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Better mental health support needed during and after pregnancy

08 December 2015
Pregnant woman

A report released today by MBRRACE-UK has found that while pregnancy related deaths are falling, there is still room for significant improvement, particularly in relation to women’s mental health.

The report, Saving Lives, Improving Mothers’ Care, which looked at maternal deaths from 2011 – 2013, found that around a quarter of maternal deaths between six weeks and a year after birth are related to mental health problems, and one in seven of these women committed suicide.

This follows the findings of Bliss’ most recent report, Bliss baby report 2015: hanging in the balance, which found that at 30 per cent of neonatal units in England, parents had no access to mental health support. This is despite the fact that 40 per cent of mothers who give birth prematurely suffer from postnatal depression, far higher than the national average.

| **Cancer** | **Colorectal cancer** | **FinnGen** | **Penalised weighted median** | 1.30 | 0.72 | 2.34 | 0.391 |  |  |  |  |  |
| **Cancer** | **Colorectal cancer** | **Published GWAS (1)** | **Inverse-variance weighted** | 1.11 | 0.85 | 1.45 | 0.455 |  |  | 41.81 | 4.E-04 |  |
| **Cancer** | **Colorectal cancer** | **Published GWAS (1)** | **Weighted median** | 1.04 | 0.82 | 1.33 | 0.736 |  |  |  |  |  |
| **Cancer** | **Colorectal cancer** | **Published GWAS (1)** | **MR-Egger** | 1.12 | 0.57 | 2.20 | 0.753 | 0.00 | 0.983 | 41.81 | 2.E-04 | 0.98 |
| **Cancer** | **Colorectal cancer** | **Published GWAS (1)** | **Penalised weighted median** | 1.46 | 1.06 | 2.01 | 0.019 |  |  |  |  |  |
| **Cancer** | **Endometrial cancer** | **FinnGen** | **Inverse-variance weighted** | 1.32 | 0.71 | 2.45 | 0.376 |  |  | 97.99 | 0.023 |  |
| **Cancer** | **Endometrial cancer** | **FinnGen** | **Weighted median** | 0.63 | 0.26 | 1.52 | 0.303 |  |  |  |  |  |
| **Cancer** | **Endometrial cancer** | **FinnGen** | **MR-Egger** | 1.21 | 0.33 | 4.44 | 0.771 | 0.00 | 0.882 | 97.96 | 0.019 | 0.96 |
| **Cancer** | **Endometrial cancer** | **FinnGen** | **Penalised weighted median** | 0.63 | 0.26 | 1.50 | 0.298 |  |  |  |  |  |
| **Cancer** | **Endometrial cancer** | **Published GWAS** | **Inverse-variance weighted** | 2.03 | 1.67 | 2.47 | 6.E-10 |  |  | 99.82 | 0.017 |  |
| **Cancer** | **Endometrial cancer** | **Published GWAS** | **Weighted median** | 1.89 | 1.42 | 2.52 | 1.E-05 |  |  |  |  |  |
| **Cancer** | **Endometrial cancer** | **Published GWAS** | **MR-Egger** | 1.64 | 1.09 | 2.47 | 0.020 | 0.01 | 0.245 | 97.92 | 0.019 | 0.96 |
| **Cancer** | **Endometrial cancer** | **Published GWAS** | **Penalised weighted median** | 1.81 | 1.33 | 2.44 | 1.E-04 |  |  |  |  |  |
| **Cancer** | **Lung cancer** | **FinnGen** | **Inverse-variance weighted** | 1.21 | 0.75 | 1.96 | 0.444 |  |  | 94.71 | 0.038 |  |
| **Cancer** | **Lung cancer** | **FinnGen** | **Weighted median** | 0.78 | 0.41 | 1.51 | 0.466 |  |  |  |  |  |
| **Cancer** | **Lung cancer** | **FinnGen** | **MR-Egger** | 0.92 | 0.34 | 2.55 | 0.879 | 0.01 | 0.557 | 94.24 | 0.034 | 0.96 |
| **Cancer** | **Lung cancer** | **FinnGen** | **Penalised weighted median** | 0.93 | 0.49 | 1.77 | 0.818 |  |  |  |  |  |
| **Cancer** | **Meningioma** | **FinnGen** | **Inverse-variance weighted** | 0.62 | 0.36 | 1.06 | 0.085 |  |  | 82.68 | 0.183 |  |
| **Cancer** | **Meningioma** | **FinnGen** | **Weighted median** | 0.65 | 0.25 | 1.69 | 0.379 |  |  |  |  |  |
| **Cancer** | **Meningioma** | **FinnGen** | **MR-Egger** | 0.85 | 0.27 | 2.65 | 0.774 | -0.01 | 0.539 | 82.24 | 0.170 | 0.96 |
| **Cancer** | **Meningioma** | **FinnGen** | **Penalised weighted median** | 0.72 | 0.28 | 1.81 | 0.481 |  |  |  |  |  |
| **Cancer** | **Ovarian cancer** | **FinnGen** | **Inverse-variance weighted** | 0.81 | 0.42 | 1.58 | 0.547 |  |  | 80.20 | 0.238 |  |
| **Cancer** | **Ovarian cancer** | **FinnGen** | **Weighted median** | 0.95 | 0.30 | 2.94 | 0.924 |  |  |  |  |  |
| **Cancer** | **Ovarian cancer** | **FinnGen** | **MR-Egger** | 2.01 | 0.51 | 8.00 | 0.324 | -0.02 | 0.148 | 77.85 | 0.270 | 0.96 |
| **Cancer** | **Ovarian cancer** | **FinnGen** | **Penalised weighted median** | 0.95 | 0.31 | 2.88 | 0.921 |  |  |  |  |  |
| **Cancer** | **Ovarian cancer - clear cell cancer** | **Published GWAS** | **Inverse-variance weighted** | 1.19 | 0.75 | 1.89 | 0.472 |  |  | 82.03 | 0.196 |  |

Caroline Davey, Chief Executive of Bliss, said: “It is extremely concerning that women are not receiving the right care during pregnancy and after birth. Pregnancy and the post-natal period can be a very difficult time and this can be exacerbated by pre-existing mental health conditions. It is vital that these women are receiving the very best support so that they are able to care for their babies.

“Should a baby need to spend time on a neonatal unit, it is vital that this support is available throughout the family’s stay.”

For further information, you can read the MBRRACE-UK report here, or the Bliss baby report here.

If you are pregnant or have just given birth and need mental health support, you can call Mind, the mental health charity, 0300 123 3393. 


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